A local Chowhound participant, who posts under the name Amanda, had a lunch date the next day at Nirvana and wrote back, "I'll walk down the street to Casamento's and see if they've put a date up in the window yet." She found no sign in the window that day. A few weeks later, however, Amanda announced in a message filled with exclamation marks that the green-tiled oyster bar would reopen in late September. "Excellent report!" Spencer feverishly typed back.
For people who make an annual pilgrimage to the restaurants of New Orleans, Chowhound's New Orleans message board is where they offer their daily prayers. A collection of honorary New Orleanians -- frequent visitors who devote most of their annual vacation days to eating po-boys and barbecue shrimp -- and generous locals debate the merits and demerits of the city's restaurants. Chowhound is but one of many such sites for visitors and locals alike; national sites such as eGullet and New Orleans' Talk Food (hosted by Tom Fitzmorris), provide a range of forums to discuss local culinary passions.
Participants from outside the parish line can meticulously plan their vacations to New Orleans around food so that each meal will be memorable. When they return home, the "chowhounds" (as they call themselves) post trip reports detailing every meal they ate while in the Crescent City.
"There's no better resource than Chowhound when traveling to get you up to speed on local treasures," says Jim Leff, who founded the Web site in 1997 as a forum to discuss the New York City culinary scene. Today, nearly 600,000 people visit Chowhound each month searching for everything from a recipe for duck sausage to recommendations for good food in Finland. The addition in 1999 of regional forums like the one for New Orleans increased interest in the site. Over the past five years, 15,000 questions and answers have been posted to the New Orleans board.
People come to the site looking for information, not idle chatter. The Chowhound New Orleans board is free of the insults and arguments typical of many online discussions. "If you can moderate really well as a site grows, it develops a prevalent tone of friendliness, generosity and savvy," Jeff says. "And that tends to self-reinforce."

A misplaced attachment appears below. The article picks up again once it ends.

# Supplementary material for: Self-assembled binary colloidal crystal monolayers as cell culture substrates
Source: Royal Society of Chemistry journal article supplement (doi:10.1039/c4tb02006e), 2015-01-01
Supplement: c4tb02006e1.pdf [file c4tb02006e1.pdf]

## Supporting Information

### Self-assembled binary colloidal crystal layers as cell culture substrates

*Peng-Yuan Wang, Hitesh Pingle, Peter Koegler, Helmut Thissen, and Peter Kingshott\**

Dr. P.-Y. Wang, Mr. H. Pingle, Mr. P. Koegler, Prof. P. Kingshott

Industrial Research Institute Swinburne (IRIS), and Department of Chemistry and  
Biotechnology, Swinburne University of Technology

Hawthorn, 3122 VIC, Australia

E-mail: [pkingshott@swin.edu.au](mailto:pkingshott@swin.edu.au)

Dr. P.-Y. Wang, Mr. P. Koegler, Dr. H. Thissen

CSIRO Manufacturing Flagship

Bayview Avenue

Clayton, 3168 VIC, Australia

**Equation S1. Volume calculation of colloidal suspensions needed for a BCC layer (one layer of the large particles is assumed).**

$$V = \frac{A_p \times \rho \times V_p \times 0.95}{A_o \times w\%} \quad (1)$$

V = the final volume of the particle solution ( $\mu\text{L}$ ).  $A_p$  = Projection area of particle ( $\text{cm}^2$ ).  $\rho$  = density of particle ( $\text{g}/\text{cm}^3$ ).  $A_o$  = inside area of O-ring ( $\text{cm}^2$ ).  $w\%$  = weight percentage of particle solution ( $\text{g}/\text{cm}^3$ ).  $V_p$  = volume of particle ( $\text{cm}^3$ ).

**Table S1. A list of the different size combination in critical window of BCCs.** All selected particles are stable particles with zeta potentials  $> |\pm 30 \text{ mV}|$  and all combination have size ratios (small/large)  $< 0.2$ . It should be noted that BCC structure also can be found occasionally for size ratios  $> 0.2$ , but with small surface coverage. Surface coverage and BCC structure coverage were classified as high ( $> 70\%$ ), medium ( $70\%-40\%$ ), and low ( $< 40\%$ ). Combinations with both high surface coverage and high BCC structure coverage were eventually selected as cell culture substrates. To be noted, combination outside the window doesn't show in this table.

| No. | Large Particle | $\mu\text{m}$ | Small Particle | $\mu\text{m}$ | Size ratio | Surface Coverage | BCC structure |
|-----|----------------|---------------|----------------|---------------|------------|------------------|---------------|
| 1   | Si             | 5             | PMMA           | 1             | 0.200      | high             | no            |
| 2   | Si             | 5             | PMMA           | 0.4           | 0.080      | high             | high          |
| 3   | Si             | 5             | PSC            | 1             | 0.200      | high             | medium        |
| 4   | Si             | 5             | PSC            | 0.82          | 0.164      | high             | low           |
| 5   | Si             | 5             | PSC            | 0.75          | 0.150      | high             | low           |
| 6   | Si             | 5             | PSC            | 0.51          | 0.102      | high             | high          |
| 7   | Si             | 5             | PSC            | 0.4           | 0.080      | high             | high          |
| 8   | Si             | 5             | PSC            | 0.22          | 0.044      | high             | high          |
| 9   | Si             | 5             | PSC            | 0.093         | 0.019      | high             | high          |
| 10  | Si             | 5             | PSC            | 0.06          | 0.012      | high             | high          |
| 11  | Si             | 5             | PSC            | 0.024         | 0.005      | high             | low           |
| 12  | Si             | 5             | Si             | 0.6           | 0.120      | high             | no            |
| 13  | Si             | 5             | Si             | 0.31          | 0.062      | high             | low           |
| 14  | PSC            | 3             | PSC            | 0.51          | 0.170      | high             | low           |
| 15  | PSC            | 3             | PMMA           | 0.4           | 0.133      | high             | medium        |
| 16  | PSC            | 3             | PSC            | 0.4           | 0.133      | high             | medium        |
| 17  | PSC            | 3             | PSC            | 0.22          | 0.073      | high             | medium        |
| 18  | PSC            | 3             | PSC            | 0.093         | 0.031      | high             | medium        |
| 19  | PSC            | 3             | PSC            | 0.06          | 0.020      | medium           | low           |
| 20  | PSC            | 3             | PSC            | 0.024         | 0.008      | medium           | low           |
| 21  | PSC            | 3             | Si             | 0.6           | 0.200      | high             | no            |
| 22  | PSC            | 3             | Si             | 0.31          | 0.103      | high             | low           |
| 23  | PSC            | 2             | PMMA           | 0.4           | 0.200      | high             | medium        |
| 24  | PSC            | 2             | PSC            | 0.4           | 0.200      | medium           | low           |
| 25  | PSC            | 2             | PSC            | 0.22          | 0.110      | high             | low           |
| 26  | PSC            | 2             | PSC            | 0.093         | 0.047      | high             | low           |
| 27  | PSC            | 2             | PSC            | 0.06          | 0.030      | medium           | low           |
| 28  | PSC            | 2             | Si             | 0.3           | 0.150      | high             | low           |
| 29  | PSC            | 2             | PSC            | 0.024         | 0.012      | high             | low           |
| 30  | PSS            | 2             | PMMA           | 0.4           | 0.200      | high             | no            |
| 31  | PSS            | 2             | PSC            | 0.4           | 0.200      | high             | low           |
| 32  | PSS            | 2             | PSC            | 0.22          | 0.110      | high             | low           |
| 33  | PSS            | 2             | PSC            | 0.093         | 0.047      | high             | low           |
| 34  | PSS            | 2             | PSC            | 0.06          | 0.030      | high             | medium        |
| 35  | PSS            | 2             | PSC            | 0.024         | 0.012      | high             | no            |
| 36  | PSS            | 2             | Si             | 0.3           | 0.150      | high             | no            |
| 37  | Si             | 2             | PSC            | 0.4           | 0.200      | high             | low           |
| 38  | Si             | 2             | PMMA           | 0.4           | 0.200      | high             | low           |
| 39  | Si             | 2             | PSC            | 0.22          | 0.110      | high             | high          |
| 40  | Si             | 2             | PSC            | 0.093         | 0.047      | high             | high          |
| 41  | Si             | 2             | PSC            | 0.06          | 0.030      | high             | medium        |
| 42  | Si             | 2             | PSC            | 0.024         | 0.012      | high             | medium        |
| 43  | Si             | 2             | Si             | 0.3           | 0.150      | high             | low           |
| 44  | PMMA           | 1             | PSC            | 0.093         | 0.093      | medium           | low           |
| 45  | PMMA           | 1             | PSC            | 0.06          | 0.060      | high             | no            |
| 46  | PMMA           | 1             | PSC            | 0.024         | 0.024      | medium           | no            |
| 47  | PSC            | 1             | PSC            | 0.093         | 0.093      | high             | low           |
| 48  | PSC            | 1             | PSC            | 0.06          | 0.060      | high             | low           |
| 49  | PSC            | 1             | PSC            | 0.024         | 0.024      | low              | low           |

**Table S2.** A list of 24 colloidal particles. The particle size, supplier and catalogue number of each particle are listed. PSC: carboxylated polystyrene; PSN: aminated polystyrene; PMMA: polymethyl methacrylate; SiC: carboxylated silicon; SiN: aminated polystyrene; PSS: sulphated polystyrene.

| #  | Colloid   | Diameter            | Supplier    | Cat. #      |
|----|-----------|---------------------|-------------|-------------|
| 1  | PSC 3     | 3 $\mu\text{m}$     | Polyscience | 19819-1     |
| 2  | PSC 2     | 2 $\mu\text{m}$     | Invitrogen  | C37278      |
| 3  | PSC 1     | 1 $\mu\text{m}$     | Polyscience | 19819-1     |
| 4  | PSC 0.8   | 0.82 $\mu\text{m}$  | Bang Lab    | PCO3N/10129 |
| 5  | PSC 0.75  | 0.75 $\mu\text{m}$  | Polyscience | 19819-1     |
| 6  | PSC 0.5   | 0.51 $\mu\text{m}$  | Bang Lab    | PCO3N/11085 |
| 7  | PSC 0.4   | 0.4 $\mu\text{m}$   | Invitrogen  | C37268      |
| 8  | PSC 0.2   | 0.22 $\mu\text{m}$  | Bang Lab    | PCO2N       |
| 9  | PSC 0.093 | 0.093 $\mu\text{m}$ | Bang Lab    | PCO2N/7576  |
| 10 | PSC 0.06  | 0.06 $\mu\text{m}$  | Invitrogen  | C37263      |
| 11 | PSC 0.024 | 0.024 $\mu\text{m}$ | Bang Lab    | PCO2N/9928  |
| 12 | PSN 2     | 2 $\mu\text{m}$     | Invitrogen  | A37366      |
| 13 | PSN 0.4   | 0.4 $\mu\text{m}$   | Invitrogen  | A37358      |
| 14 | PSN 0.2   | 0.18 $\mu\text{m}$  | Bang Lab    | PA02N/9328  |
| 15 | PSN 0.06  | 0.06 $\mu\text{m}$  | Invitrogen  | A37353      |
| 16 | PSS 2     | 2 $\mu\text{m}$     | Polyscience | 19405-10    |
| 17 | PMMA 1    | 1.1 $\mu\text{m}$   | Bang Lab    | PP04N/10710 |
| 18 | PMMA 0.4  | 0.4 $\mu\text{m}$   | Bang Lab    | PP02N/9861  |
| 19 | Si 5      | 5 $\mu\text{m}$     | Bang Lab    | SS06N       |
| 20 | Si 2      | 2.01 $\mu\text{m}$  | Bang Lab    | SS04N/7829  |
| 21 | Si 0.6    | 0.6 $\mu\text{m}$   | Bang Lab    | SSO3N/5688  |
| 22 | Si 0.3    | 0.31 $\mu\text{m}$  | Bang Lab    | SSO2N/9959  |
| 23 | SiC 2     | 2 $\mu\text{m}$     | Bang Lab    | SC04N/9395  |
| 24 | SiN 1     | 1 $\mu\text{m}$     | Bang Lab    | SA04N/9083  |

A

Although the participants, both locals and out-of-towners, have an encyclopedic knowledge of New Orleans restaurants, they were perfectly kind to a poster who recently asked if they had heard of a hole-in-the-wall place called "Jocqui-mo's" (which everyone knows, of course, is Jacques-Imo's). Anyone who questions the quality of Brigtsen's or Uglesich's, though, will have a fight on their hands.
While researching an article on the Thanksgiving turkey drop at Carrollton Station, Brooks Hamaker, a writer and the former brewmaster at Abita Brewing Company, discovered eGullet (www.egullet.org), another popular discussion board devoted to eating and cooking.
"I was fascinated by the site and many of the incredibly well-informed and wildly diverse personalities on eGullet," he says. Hamaker now volunteers up to 20 hours a week moderating the boards dedicated to Louisiana, beer and Southern food culture. He offers topics for discussion, gently keeps people's conversation focused on food, and imparts the culinary wisdom he gained during his years as a bartender, line cook, seafood buyer and manager at restaurants throughout southern Louisiana.
"If I had known how much of my time and effort eGullet was going to suck up, I would have deleted the link and never gone back. The place really draws you in," Hamaker says.
At first glance, eGullet, founded in 2001, looks similar to Chowhound, with boards devoted to food topics and regional cuisines. But closer inspection reveals that the site attracts more culinary professionals, food writers and historians. While people still ask for restaurant recommendations, informed debates on the origin of the doberge cake or celebrations of Creole tomatoes are more common.
"Our organization and its goals go beyond posting messages -- we're about advancing culinary knowledge," says eGullet co-founder Steven Shaw. The site hosts an ambitious schedule of online culinary classes, sponsors discussions with prominent food writers, and has even borrowed from reality television with its day-to-day chronicle of the opening of a new restaurant in Chicago.
Anyone can read the posts at eGullet, but the site asks people to submit a brief essay on their interests in food before being granted permission to participate in the discussions. Site administrators approve almost all applications, although they may request additional information from applicants. "We have found that, by limiting access at the membership stage, we free ourselves from needing a lot of other types of restrictions," Shaw says. Nearly 5,000 people participate on the eGullet board.